Take a photo of the iconic bell tower

The bell tower of Virgin Mary Church in Megalochori is one of the most beautiful in Santorini.

White and blue five bell tower in Megalochori Santorini

Visit the Authentic Traditional Underground Caves

Signs on the main street led me through a courtyard of colourful buildings to the Authentic Traditional Underground Caves. The unlit cave rooms were free to enter and were an unexpected and interesting find.

Estimated to have been opened during the 1700’s these underground caves had two main rooms as well as a few smaller ones. They were at first used as homes before becoming storage places for food and wine as they are naturally cool during the summer and warm during the winter.

Caves were also used to shelter in during earthquakes. From the 1980’s many Santorini caves were renovated to become hotel rooms.

Visit the Heart of Santorini

A beautiful place to go to watch the sunset in Santorini near Megalochori is the Heart of Santorini, a vaguely heart shaped hole naturally carved into the caldera. It’s a bit of a slippery climb down and you may have to wait for a photo but it wasn’t overrun with tourists.

cruise ship at sea with volcanic greek islands in background pictured through heart shaped hole in rock in santorini

Fira

I didn’t enjoy visiting Fira – it was incredibly busy during the day, but I did appreciate watching the sun set there.

From Fira, I’d recommend that you keep walking uphill and you’ll reach Imerovigli. The crowds of Fira die away and you have stunning views, expensive boutique accommodation and perfectly perched bars and restaurants.

White clifftop village above Fira in Santorini

Exo Gonia and Episcopi Gonias

Close to Pyrgos is the ochre Exo Gonia where there are specific limits on the numbers of restaurants and bars and restricted accommodations. If you’ve explored all the bucket list areas and still have time it’s somewhere different to head.

Exo Gonia is Santorini without the hype of tourism – mostly empty streets, the white paintwork not so fresh and without the bright blue accents, an absence of infinity pools and the streets are rough rather than smoothly paved.

The ascent down to Episcopi Gonias was fast and I was concerned at every corner about how much further I’d have to climb back up, but there are bus stops at the bottom. There are several Santorini wineries and a brewery at the bottom.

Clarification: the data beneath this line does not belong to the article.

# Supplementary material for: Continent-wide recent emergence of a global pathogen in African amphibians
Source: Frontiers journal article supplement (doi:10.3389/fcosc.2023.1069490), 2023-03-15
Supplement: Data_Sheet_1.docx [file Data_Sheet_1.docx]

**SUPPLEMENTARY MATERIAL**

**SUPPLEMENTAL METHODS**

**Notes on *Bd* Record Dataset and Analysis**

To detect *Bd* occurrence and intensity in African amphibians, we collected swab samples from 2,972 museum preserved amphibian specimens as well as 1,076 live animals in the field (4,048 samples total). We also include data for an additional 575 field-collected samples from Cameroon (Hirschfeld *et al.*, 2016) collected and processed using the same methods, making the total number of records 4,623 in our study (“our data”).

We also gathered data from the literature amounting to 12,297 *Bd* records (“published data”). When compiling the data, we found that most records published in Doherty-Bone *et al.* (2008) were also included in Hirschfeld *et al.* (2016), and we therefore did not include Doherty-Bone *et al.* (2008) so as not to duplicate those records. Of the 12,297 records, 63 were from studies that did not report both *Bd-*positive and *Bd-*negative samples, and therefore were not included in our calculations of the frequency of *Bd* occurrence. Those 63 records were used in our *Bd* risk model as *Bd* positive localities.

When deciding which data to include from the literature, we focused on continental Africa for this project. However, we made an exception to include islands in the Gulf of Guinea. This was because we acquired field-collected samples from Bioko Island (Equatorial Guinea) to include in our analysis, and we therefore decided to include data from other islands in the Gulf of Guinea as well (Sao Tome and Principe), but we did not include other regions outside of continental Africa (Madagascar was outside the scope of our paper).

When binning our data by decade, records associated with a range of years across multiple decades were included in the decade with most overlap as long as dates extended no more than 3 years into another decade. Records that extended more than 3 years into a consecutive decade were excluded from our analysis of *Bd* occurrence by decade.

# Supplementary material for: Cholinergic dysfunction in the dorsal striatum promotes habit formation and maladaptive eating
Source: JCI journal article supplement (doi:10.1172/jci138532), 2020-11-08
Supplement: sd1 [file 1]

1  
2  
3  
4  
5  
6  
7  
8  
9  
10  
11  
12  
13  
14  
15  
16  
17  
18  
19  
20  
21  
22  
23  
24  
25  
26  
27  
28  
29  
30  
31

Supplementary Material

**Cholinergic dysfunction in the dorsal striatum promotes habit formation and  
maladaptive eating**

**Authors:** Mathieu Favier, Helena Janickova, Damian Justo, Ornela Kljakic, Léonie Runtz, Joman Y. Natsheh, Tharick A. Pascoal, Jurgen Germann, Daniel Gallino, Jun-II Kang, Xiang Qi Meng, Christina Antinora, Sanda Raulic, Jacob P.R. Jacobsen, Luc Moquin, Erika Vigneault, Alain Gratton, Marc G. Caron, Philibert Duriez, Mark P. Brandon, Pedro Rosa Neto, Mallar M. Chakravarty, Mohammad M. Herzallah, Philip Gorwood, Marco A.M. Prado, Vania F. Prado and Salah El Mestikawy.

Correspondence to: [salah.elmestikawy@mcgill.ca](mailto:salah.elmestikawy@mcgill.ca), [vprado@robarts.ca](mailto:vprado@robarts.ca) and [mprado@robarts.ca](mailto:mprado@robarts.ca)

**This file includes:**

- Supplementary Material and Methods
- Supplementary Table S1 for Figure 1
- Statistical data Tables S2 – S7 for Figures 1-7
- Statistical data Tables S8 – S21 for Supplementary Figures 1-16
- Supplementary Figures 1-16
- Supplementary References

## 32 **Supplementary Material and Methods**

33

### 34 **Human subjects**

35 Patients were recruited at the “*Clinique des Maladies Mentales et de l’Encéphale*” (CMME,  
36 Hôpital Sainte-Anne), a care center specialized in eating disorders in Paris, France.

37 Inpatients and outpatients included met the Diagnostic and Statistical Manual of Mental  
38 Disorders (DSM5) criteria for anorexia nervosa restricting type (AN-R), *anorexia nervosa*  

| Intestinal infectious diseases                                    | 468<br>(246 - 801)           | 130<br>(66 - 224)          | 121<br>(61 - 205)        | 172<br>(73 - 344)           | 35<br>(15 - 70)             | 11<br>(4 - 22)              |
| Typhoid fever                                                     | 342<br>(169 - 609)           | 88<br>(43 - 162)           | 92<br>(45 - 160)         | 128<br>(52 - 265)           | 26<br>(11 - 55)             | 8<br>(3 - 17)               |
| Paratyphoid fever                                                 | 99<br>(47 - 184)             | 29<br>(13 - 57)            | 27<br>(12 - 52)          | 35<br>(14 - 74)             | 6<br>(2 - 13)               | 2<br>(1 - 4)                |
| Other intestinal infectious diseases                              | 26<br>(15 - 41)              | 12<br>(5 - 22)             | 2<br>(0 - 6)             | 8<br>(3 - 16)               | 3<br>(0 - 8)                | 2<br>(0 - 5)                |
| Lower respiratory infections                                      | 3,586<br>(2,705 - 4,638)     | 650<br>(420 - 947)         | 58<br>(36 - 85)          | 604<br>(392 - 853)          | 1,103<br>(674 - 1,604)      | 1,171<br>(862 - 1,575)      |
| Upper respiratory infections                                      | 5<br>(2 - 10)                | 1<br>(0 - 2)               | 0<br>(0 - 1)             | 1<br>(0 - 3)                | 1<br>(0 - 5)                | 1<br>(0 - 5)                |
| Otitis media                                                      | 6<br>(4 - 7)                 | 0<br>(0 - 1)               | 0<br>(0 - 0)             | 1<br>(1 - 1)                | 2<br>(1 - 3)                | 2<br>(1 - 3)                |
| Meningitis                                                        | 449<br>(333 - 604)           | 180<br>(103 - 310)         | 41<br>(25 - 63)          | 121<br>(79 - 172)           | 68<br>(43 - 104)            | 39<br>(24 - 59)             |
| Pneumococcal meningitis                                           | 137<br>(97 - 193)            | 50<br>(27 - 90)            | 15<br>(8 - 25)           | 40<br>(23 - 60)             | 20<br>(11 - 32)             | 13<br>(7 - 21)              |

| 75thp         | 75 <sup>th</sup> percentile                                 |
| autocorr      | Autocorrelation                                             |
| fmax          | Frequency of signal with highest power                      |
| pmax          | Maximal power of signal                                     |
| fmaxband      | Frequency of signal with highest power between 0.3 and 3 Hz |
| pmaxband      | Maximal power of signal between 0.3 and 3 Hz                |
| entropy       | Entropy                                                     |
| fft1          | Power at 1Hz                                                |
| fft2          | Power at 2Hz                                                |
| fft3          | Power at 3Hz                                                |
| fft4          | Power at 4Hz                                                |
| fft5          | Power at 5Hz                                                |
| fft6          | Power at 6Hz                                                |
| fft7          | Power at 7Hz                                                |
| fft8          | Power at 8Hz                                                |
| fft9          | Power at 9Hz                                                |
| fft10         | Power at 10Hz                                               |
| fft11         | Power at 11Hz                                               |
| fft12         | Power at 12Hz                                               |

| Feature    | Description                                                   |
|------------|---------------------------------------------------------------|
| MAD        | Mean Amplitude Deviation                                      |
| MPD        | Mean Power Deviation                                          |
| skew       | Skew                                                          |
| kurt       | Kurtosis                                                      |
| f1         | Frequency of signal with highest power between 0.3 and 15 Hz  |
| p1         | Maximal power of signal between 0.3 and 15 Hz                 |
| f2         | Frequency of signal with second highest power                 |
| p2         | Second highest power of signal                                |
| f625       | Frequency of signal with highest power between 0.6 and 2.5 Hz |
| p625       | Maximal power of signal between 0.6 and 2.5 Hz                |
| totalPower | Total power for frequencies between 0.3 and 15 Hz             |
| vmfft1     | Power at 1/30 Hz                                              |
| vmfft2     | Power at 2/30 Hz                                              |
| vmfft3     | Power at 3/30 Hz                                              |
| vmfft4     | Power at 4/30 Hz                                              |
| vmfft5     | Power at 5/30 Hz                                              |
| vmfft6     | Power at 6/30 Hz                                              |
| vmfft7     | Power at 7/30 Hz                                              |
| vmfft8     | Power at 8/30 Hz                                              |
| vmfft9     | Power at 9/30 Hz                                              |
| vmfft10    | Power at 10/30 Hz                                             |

Where to stay in Santorini

You should definitely stay in Oia if you want to be in the thick of it, however, booking very late I was unable to get anywhere at an affordable price and decided to stay at three different hotels around Santorini in order to explore different parts of the island – Kamari, between Pyrgos and Megalochori, and Karteradhos which is just over 1km from Fira.

Out of these three hotels the only one I’d really recommend is Hotel Makarios in Kamari. It was incredibly clean and the front desk was very helpful when it came to providing information about were to go, tours to book and what to see and do. It was near Kamari Beach and a bus stop to get to other parts of Santorini, and 16 minutes walk from a supermarket. Breakfast was included, and there was a pool bar which also served reasonably priced food until 6pm.

I had the only single room in the hotel which was interesting, continually being surrounded by couples and families. One of the downside of changing hotels was also paying for taxis between them in a location where bus transportation is limited.

Can you drink the water in Santorini?

Articles and forums on the internet suggested that while the water in Santorini was safe to drink, it might not taste the best. It tasted fine at the first hotel I stayed at however at the second, it tasted as though sea water had got into the supply somewhere and there was no kettle to boil it.

There are restrictions on the price bottled water can be sold at, my primary concern is the environment and the use of plastic bottles.